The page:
The date 1527 inscribed on the Ideal Portrait of a Woman in the Staatsgalerie Stuttgart may have been altered from 1525; see Koepplin in Basel 1974, vol. 1, pp. 296 – 97, no. 184; Rettich, Klapproth, and Ewald 1992, pp. 95 – 96, ill.
 The date of about 1530 given in Friedländer and J. Rosenberg 1978, p. 119, no. 249, is too late.
 Such marks are present on other roundels in the group, for example, the Nymph of the Spring in Coburg (image under CDA ID/Inv. No. DE_KSVC_M161, in Cranach Digital Archive, http://www.lucascranach.org/digitalarchive.php [accessed May 2, 2012]) and the Lucretia formerly owned by Grigori Stroganov (photograph in Sperling File, Department of European Paintings, MMA).
 See Jeremy Warren in Compton Verney 2010, p. 56, no. 25, ill.
 Friedländer and J. Rosenberg 1978, p. 72, no. 22, ill.; Bierende 2002, pp. 217 – 19.
 See Heydenreich 2007b, pp. 207 – 8.
 For the woodcut, see Hollstein 1954 – , vol. 6 (1959), p. 81, no. 105; Koepplin in Basel 1974, vol. 1, pl. 15, vol. 2, pp. 644 – 50, no. 555; Armin Kunz in Brussels and Paris 2010 – 11, pp. 187 – 88, no. 96, ill. The 1506 date on the woodcut is generally agreed to be a predating meant to claim priority in the invention of the chiaroscuro technique used for some of the impressions.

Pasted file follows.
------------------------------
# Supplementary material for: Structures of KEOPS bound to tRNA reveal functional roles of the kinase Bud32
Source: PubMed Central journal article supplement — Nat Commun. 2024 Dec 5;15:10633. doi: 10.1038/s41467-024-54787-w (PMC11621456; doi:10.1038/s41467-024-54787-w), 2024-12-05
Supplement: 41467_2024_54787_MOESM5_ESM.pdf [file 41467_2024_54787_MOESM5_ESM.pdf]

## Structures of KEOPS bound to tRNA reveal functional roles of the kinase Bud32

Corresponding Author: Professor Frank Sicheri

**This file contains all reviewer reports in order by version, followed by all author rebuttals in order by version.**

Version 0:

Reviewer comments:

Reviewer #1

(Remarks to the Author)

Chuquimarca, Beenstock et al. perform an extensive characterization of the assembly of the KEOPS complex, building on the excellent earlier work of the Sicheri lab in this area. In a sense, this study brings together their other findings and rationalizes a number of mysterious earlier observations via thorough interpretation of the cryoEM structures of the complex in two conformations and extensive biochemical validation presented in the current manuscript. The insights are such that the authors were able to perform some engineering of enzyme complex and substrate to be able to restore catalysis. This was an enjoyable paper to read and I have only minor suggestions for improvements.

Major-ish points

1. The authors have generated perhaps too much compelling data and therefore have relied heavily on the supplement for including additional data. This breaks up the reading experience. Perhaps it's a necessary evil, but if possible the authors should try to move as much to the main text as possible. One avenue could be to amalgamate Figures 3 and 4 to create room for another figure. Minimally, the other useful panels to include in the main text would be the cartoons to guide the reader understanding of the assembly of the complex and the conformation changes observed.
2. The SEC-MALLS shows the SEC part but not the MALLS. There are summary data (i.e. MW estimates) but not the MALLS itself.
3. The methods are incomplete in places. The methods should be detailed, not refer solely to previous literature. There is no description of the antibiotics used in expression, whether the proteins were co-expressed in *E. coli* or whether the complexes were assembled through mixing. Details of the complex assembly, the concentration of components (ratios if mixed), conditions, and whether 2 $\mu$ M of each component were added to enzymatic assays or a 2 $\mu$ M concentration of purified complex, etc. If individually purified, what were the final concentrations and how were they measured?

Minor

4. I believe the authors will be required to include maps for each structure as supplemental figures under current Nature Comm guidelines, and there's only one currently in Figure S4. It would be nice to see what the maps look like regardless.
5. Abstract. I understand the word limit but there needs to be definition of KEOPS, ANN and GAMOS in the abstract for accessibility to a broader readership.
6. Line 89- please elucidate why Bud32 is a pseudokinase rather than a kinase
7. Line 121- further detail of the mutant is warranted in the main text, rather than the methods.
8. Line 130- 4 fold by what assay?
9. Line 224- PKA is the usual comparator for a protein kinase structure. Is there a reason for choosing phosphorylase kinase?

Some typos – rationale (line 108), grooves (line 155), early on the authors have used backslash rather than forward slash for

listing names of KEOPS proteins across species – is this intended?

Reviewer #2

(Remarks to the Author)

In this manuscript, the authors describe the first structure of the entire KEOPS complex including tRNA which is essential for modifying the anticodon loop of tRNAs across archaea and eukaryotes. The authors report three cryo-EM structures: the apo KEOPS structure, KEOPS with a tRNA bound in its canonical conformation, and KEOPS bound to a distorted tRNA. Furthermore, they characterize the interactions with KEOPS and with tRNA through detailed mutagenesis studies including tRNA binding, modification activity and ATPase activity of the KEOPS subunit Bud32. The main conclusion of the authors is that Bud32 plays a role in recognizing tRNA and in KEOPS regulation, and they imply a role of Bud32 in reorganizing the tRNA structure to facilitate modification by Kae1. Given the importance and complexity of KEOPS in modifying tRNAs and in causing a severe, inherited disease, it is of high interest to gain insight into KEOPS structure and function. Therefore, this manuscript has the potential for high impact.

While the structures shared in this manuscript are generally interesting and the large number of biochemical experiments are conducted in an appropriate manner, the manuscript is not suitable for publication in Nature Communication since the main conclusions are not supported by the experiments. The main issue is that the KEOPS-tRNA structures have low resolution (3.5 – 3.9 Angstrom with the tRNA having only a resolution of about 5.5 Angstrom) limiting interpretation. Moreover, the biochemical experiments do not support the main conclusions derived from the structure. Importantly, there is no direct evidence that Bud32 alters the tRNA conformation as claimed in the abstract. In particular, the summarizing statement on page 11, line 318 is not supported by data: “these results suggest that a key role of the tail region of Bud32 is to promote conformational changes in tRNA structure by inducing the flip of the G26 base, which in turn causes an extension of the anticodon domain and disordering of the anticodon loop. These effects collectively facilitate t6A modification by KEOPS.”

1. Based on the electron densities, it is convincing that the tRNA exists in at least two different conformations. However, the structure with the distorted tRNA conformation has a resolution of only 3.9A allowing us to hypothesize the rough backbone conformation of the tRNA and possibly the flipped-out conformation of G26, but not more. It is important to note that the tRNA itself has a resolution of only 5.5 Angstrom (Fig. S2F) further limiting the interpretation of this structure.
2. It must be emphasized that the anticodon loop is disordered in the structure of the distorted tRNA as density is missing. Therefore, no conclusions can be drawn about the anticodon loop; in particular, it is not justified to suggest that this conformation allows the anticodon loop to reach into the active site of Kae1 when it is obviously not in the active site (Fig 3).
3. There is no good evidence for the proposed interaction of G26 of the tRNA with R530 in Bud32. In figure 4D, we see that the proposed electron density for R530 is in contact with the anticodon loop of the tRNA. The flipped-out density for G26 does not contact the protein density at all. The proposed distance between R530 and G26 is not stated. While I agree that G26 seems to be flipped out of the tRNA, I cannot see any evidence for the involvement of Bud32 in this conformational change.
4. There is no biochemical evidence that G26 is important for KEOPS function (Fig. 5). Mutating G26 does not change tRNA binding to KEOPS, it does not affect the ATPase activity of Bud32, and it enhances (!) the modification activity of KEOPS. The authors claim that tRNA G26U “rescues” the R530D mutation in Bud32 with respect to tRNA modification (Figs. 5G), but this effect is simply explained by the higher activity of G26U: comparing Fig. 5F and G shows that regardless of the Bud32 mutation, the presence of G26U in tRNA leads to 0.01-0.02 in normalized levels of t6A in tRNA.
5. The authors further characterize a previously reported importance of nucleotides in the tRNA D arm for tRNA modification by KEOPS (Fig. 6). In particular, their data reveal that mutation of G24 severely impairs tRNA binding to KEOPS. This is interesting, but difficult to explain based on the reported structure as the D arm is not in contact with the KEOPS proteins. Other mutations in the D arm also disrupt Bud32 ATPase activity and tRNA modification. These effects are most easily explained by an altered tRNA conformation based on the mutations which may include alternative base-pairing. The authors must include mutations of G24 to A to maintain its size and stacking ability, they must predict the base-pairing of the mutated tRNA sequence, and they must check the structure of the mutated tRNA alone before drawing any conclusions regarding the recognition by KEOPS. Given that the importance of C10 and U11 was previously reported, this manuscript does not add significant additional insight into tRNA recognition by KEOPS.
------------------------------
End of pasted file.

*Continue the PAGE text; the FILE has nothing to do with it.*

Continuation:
“Pelle cvpidineos toto conamine lvxvs / Ne tua possideat pectora ceca venvs” (cited in Friedländer and J. Rosenberg 1978, p. 72, no. 22).
 For the Stockholm panel, see Koepplin in Basel 1974, vol. 2, pp. 654 – 55, no. 567, fig. 320; Görel Cavalli-Bjorkman in Stockholm 1988, p. 66, no. 50, ill. For the one in Berlin, see Friedländer and J. Rosenberg 1978, no. 241, ill.
 The first example of many is the Venus and Cupid the Honey Thief (Cupid Complaining to Venus) of about 1526 in the National Gallery, London (Friedländer and J. Rosenberg 1978, p. 119, no. 246L; Caroline Campbell in London 2007, pp. 80 – 83, no. 2, ill.). Mary Sprinson de Jesús (in Baetjer et al. 1986, p. 159) noted that Cupid’s raised arm in the Museum’s roundel may have been transposed from a honey-thief composition in which Cupid lifts his arm to shoo away bees.
[Waterman, Cat. New York 2013, 52, 53, 285, 286, No. 10]